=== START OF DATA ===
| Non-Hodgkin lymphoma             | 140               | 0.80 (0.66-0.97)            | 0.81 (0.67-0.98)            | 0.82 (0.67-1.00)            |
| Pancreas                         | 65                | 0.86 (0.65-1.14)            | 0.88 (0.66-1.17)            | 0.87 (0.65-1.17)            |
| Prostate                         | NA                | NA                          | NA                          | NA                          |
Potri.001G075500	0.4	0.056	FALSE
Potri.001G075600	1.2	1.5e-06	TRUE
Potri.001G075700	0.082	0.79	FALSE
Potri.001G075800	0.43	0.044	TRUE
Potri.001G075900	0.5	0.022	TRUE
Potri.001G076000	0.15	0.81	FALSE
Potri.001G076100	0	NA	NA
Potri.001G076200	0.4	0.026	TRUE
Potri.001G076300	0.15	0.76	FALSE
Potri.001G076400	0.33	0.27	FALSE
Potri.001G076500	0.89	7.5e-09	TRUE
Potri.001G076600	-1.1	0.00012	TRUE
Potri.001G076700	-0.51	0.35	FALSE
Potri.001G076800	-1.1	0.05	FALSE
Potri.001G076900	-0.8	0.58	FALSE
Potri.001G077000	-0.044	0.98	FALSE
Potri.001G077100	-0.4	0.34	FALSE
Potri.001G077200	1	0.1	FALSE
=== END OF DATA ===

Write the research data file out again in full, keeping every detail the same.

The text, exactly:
| Non-Hodgkin lymphoma             | 140               | 0.80 (0.66-0.97)            | 0.81 (0.67-0.98)            | 0.82 (0.67-1.00)            |
| Pancreas                         | 65                | 0.86 (0.65-1.14)            | 0.88 (0.66-1.17)            | 0.87 (0.65-1.17)            |
| Prostate                         | NA                | NA                          | NA                          | NA                          |
Potri.001G075500	0.4	0.056	FALSE
Potri.001G075600	1.2	1.5e-06	TRUE
Potri.001G075700	0.082	0.79	FALSE
Potri.001G075800	0.43	0.044	TRUE
Potri.001G075900	0.5	0.022	TRUE
Potri.001G076000	0.15	0.81	FALSE
Potri.001G076100	0	NA	NA
Potri.001G076200	0.4	0.026	TRUE
Potri.001G076300	0.15	0.76	FALSE
Potri.001G076400	0.33	0.27	FALSE
Potri.001G076500	0.89	7.5e-09	TRUE
Potri.001G076600	-1.1	0.00012	TRUE
Potri.001G076700	-0.51	0.35	FALSE
Potri.001G076800	-1.1	0.05	FALSE
Potri.001G076900	-0.8	0.58	FALSE
Potri.001G077000	-0.044	0.98	FALSE
Potri.001G077100	-0.4	0.34	FALSE
Potri.001G077200	1	0.1	FALSE